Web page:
04/03/09 — Time of year has returned for hunters

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Time of year has returned for hunters

By Ryan Hanchett
Published in Sports on April 3, 2009 1:46 PM

It's that time of year once again.

You know those quiet mornings in cold, damp forest plots that turn into moments the most-seasoned hunter dreams about. Sportsmen seek that serendipitous second when a prized gobbler steps from between trees, validating their own luck through preseason preparation.

Turkey, like most game species, are creatures of habit. They scour the same home range (4-7 miles) which is dependent on the season. With that in mind, the days prior to the start of the hunting campaign often hold the keys to success.

There are several factors to consider when preseason scouting.

First, and possibly most important, every hunter must understand the terrain that they will be seeing on opening morning. More than simple topography, each hunter must know the foliage, food and water sources.

Prevailing wind direction is also something to review. Studies have shown that gobblers are more likely to respond to a call if they are being worked uphill and into the wind.

Scouting each morning in varying weather conditions can help determine a flock's feeding pattern and habits.

"Weather affects wildlife in the same way that it can affect people's attitudes and behaviors," said Gary Norman, a National Wild Turkey Federation technical committee member. "Hot, cold, dry and wet weather determines our dress and recreational activities. The same weather determines if turkeys sit late on their roosts or fly down to feed."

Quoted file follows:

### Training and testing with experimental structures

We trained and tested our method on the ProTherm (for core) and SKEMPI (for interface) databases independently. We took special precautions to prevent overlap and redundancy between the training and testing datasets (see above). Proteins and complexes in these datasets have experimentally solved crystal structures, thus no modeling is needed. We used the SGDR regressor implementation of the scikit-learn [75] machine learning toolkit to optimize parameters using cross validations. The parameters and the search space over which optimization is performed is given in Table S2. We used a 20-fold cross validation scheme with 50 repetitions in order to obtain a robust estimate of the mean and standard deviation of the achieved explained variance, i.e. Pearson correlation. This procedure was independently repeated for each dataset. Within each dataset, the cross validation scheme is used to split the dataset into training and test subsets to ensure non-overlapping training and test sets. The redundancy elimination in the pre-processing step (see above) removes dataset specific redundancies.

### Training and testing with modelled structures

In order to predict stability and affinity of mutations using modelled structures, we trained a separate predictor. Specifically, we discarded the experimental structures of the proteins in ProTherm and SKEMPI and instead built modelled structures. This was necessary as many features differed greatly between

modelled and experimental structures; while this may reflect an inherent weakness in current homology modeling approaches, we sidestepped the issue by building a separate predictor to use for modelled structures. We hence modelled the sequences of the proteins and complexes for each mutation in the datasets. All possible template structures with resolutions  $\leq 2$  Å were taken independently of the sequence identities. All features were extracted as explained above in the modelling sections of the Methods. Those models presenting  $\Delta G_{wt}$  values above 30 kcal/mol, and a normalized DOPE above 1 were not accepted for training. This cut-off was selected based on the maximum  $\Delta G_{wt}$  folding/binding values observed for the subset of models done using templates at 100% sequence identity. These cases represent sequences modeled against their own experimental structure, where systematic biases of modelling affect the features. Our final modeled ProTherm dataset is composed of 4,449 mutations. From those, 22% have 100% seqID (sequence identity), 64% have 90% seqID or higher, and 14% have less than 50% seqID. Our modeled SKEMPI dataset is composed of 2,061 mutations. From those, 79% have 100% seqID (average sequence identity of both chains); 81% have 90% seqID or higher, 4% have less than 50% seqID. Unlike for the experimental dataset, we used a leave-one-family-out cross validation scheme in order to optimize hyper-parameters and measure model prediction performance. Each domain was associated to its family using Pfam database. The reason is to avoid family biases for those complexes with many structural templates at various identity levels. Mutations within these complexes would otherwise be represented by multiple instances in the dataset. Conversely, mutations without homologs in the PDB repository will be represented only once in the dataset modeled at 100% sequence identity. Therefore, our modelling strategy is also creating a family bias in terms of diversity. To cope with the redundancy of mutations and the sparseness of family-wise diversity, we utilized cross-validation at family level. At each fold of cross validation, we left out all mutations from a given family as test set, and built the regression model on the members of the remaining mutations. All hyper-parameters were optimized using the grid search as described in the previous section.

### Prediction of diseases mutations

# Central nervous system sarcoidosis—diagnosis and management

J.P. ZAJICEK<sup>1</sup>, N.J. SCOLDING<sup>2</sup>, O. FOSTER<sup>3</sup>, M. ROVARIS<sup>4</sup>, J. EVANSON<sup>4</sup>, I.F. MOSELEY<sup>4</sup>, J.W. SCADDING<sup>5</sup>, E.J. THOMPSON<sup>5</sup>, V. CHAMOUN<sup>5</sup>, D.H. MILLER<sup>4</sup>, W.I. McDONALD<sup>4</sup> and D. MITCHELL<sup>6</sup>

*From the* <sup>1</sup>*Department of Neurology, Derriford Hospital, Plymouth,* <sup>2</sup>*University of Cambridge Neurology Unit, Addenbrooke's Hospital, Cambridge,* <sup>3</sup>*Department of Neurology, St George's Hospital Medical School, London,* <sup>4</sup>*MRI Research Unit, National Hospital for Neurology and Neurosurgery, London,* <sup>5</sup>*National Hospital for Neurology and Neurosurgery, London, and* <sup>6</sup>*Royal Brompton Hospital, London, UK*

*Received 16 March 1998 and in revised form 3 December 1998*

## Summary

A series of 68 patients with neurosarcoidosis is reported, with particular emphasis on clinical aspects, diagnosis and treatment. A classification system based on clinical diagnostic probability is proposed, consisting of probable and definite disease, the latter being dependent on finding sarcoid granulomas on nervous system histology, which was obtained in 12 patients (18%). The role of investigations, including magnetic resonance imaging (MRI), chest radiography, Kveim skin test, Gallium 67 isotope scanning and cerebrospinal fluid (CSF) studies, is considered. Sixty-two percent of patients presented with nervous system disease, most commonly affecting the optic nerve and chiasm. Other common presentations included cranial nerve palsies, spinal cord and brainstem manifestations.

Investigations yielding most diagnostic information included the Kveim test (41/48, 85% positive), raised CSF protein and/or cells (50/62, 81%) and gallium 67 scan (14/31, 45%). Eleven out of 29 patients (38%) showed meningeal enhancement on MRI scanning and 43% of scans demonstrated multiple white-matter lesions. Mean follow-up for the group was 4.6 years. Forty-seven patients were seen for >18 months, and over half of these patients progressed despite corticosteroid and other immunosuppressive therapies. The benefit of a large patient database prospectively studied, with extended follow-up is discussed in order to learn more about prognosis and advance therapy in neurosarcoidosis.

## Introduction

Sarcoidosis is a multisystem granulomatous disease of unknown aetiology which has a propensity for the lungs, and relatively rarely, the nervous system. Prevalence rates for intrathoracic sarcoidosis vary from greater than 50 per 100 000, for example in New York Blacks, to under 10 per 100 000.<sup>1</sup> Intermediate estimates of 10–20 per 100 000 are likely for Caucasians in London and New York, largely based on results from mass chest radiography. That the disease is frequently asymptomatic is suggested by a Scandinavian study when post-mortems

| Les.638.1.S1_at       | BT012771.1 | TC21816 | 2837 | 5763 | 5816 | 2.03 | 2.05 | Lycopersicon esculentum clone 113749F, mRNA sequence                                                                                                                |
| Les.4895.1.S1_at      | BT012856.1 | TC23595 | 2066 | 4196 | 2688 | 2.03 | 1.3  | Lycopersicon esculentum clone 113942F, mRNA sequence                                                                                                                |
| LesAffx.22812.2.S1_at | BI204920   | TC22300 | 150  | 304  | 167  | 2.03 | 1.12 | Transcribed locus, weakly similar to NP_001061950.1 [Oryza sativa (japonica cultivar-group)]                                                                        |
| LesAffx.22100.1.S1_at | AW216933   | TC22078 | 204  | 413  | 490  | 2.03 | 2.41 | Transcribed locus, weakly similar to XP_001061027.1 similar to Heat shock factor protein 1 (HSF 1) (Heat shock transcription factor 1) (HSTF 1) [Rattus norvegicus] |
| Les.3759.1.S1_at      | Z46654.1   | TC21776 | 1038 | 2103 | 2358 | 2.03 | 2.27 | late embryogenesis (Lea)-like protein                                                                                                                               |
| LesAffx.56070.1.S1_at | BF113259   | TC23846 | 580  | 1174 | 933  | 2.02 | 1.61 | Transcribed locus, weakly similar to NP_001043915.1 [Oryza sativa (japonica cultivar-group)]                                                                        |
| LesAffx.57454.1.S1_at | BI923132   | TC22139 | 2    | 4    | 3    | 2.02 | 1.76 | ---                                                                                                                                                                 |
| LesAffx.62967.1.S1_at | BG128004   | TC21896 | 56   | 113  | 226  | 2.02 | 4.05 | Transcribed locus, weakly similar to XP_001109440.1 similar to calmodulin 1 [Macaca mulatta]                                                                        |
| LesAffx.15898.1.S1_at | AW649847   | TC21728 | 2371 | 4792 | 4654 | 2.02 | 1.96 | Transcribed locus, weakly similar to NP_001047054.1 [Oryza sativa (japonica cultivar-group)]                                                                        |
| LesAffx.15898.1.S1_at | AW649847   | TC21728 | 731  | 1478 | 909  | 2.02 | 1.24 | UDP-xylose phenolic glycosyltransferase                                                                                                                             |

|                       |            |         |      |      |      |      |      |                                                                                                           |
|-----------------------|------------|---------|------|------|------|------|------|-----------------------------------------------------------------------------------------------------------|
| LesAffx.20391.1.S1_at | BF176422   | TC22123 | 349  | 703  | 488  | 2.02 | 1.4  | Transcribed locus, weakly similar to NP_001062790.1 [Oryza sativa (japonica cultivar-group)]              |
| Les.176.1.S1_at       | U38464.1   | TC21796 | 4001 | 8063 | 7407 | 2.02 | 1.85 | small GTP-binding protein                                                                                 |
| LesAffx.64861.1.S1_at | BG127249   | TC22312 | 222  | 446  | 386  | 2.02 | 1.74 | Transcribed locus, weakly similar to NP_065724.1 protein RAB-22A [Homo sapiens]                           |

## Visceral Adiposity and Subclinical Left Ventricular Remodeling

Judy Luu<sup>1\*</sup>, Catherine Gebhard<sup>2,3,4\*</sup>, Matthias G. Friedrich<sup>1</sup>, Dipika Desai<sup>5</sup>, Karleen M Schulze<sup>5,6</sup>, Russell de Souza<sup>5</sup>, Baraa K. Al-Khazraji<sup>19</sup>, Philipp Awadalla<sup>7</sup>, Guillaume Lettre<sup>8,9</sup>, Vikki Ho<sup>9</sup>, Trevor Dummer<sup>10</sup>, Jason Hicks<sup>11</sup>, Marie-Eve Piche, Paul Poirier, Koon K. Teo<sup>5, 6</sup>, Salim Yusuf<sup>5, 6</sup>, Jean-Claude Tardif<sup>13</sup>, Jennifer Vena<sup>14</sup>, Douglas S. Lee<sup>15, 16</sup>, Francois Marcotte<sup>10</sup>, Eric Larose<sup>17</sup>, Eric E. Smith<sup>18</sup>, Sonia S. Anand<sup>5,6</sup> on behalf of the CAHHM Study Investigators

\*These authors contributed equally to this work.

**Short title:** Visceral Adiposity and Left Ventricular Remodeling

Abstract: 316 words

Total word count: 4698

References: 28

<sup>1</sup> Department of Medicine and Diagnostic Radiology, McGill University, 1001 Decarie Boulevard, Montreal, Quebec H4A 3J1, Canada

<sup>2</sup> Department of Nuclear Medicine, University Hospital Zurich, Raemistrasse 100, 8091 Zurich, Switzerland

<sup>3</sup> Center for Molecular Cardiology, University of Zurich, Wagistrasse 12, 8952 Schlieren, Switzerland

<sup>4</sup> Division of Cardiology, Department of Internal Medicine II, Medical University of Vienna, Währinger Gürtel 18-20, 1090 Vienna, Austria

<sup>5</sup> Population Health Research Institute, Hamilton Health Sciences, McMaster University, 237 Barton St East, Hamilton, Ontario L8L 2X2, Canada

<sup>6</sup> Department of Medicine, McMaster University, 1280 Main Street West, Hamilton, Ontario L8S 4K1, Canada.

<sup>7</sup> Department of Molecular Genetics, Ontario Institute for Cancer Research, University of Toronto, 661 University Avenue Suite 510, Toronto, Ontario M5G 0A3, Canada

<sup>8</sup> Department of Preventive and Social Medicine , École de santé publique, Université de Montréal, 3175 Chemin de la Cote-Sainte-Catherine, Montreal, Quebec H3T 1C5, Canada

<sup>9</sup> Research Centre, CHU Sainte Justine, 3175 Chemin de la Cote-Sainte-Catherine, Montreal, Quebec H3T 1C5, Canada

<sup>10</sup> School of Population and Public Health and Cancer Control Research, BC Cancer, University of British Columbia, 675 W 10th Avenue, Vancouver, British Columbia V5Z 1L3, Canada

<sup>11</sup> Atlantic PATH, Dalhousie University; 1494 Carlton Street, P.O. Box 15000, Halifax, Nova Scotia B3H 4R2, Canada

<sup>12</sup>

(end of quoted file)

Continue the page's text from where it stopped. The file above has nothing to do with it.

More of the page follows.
Remembering the biological factors that make turkey so elusive is also important when picking a place to set up shop.

In the winter, turkey generally concentrate on finding high-energy food sources like acorns and agricultural crops to stay alive. In the spring, their diet changes to insects and green matter, while hens look for nesting habitat.

Wild turkey usually roost in tall open trees with spread horizontal branches that allow them to use their keen eyesight and hearing to their full advantage before coming to the ground in the morning.

Setting up too close to the roosting spot will almost certainly end in an unsuccessful hunt due to the fact that a turkey can see movement much better than a human and hear at approximately the same rate.

In North Carolina and many other southern states with relatively early spring seasons, turkey are more likely to leave the roost pre-dawn due to warm temperatures and damp ground providing quiet cover.

Potential sportsmen should consult a weather chart to determine the sunrise time (preseason and opening day) and plan their scouting accordingly.

The spring gobbler season in the Tar Heel state opens April 11 and runs through May 9. Each hunter is allowed one male bird.